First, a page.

This week, the American Society of Mechanical Engineers (ASME) is hosting the 5 th International Conference on Energy Sustainability in Washington, DC.
In the face of this summer’s debates on how to manage the nation’s current debt load – which came to a temporary cease fire on Tuesday with the passage of a bill that will raise the government’s debt ceiling – I found myself looking back at speeches made by President Obama where he emphasized how we might be able to not only stabilize, but also strengthen, the United States economy.
I heard this story on NPR/PRI's The World while driving home from yoga last night. Here's the tl;dr of it: a Dutch company is perfecting ways to grow food indoors using LED lights and elaborate climate controls.
Here is some more food for thought about the modern global food economy. A study recently published by the U.N. Food and Agriculture Organization found that about one-third of all food produced on the planet is wasted, to the tune of 1.3 billion tons per year.
Just 30-miles Southwest of Atlanta's bustling gray-toned streets sits a verdant plot of land known as Serenbe. The farm is the source of my family's vegetables we pickup every Tuesday at a drop-off spot in the city.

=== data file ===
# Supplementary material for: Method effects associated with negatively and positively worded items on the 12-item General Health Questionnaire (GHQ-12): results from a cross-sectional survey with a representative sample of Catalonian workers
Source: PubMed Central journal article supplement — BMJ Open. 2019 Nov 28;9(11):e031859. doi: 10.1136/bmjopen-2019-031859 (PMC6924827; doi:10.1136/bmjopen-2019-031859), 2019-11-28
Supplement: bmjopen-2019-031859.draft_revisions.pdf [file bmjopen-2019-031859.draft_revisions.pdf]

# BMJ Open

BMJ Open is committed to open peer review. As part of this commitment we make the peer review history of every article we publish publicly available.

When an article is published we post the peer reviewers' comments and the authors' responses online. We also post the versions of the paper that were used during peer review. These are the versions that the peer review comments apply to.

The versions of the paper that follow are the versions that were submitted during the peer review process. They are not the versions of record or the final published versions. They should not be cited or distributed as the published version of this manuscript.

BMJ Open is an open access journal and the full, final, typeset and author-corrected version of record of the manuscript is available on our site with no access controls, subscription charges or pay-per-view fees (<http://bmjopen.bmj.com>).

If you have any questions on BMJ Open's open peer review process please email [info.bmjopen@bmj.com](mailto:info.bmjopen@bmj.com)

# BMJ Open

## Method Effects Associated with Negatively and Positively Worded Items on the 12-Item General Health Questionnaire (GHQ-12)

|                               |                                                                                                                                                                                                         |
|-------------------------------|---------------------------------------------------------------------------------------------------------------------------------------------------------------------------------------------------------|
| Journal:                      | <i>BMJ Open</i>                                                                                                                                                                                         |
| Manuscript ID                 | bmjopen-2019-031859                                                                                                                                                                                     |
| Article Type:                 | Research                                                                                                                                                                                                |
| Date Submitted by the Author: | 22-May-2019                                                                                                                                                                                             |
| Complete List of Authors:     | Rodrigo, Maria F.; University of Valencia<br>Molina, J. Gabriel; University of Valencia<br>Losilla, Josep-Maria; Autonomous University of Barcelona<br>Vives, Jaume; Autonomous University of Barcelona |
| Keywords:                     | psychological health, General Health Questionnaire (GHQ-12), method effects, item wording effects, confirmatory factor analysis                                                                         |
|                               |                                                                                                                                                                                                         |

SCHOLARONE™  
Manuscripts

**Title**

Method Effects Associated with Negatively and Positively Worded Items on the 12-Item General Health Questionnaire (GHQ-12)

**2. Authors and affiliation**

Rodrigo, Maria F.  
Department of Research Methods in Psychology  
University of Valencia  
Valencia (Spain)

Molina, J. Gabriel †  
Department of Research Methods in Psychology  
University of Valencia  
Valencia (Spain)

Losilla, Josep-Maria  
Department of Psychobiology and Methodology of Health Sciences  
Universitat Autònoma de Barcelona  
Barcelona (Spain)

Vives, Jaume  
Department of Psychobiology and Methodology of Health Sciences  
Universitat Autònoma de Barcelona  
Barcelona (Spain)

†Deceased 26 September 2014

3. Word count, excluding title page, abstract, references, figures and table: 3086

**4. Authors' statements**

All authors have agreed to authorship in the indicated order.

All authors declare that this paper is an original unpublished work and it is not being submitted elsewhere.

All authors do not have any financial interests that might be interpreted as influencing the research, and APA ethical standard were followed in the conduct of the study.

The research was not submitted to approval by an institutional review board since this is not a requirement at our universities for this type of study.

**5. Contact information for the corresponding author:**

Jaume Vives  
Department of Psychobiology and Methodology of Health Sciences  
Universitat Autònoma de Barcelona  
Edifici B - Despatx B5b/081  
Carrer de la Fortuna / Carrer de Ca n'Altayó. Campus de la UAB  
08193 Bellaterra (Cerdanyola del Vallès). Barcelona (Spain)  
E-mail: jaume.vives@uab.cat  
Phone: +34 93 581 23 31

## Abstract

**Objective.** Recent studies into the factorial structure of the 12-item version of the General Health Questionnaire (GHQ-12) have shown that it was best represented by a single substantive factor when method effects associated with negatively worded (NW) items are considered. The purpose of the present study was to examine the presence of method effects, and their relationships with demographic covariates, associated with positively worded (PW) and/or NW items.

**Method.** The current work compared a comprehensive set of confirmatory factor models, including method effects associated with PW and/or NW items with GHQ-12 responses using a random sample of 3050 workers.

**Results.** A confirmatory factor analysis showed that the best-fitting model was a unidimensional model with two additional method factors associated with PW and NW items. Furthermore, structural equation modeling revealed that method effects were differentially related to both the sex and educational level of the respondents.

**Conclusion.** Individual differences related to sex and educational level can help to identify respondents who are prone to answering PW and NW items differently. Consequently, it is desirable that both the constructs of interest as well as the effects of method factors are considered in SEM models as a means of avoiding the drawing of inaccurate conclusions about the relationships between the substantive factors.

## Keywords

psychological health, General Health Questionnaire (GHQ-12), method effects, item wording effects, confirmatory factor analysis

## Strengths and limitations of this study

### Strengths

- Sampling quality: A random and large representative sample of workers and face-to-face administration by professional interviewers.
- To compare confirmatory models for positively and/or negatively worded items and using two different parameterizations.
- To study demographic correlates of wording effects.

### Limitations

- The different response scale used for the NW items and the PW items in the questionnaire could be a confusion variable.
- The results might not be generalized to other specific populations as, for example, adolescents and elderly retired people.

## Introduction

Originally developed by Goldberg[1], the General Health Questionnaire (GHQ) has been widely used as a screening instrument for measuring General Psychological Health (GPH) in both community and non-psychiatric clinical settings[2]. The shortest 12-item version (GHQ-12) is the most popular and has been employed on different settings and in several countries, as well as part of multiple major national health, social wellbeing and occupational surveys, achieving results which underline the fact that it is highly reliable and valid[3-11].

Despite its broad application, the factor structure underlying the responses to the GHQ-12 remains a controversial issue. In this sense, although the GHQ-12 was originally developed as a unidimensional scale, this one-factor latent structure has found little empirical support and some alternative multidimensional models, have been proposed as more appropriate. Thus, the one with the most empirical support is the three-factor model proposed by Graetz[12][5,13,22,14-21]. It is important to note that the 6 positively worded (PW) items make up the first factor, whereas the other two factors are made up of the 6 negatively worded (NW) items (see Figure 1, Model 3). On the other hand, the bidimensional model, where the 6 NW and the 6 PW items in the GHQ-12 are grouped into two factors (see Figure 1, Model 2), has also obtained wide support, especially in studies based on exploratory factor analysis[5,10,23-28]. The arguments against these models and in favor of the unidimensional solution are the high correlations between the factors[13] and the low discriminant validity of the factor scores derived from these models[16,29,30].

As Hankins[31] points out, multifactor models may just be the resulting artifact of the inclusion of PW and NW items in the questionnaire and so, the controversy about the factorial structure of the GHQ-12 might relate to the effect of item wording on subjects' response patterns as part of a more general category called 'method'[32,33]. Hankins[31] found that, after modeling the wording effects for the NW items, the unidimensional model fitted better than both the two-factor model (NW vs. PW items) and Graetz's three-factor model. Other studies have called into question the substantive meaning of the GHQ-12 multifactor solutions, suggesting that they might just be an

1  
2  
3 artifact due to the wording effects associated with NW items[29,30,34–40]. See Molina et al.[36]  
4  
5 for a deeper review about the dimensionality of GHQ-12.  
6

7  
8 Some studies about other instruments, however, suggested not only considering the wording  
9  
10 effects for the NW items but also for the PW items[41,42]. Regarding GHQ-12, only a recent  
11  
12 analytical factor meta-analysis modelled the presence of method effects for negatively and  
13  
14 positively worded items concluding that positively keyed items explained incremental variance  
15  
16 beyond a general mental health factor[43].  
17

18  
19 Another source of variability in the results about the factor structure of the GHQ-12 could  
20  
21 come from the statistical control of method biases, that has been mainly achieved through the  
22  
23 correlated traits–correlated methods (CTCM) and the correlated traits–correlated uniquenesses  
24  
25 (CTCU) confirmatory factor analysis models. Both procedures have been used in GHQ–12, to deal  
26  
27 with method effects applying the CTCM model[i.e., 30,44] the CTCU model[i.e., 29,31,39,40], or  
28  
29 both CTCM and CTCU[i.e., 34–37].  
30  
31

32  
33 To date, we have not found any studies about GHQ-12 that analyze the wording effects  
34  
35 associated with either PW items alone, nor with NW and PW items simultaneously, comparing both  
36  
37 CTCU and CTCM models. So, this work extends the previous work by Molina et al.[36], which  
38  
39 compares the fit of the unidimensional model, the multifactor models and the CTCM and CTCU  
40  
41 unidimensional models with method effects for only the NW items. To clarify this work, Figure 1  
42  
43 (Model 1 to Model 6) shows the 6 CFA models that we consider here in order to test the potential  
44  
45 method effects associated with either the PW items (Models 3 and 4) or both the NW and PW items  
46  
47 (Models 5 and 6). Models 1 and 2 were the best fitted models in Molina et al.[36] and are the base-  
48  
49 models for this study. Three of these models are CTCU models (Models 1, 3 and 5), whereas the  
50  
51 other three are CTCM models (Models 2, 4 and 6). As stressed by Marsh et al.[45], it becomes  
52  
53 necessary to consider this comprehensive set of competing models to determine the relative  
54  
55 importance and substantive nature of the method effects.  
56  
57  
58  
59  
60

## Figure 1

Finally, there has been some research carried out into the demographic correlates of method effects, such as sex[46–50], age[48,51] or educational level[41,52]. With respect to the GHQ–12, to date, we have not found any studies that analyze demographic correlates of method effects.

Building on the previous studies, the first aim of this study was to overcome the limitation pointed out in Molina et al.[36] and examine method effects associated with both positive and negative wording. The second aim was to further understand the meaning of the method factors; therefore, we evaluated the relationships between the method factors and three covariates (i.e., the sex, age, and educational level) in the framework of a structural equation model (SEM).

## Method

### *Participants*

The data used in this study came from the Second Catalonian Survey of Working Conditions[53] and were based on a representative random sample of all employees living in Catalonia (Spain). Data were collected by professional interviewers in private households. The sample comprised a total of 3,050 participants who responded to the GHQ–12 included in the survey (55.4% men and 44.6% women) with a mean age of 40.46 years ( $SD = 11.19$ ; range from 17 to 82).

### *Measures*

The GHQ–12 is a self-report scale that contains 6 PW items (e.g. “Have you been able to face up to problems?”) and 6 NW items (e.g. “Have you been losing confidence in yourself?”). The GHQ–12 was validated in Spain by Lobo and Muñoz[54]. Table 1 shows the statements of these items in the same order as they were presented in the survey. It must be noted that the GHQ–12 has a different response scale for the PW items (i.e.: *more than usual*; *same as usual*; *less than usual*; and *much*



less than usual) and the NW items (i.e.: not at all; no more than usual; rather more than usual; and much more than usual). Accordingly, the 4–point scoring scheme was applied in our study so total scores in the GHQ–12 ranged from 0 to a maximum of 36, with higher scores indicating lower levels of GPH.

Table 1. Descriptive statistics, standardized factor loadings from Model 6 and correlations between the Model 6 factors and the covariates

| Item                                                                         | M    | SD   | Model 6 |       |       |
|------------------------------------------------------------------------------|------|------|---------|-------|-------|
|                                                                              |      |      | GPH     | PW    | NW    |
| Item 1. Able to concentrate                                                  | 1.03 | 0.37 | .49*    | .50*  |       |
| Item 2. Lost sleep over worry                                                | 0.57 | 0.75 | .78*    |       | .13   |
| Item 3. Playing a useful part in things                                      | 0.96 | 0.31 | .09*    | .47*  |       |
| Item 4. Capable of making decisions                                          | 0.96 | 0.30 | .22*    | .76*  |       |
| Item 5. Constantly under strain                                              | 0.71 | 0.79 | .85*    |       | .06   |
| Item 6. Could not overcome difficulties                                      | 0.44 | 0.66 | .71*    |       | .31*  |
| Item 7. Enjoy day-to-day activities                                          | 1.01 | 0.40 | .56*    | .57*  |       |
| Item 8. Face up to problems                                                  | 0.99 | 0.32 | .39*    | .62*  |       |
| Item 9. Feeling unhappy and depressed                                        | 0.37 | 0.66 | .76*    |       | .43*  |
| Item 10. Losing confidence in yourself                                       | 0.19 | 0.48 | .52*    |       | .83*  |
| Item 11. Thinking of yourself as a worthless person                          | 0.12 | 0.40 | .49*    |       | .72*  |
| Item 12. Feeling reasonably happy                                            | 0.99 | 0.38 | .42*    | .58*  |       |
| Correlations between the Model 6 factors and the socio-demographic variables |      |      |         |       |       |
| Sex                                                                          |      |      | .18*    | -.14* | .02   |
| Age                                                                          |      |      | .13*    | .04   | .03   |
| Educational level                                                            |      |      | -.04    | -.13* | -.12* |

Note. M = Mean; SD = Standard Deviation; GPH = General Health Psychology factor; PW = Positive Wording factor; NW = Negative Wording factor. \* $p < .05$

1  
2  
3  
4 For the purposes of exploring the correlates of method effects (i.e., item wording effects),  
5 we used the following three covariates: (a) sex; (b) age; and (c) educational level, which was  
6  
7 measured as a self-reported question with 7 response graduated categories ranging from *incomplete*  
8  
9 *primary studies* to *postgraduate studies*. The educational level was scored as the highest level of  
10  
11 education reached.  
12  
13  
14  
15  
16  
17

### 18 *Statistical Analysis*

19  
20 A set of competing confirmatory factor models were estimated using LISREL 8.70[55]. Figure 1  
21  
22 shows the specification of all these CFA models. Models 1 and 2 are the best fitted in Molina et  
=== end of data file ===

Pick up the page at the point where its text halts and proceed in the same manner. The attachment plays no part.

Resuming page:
I went to the public night of Plugin 2011 in Raleigh, the annual electric car extravaganza, looking for what was happening on the edge of electric car science.
When the sun dips below the horizon for the night, most solar panels become interesting roofing tiles, instead of valuable generation resources. During the day, a single cloud can quickly send residential solar power generators back to a fossil fuel-based grid for their electricity.
In terms of basic human needs, shelter comes in right after food, air, and sleep. Over years of human development, buildings have become some of mankind’s greatest achievements.
This summer, U.S. gas prices have settled into the $3.50 to $4.00 range and we are feeling the pinch. The average American now spends 9% of their income on gas – with Mississippians topping the scale at over 14%.
An average American's ecological footprint of 5.3 planet Earths by category, in an image by Greg Searle/BioRegional North America Changing light bulbs won't save the world.
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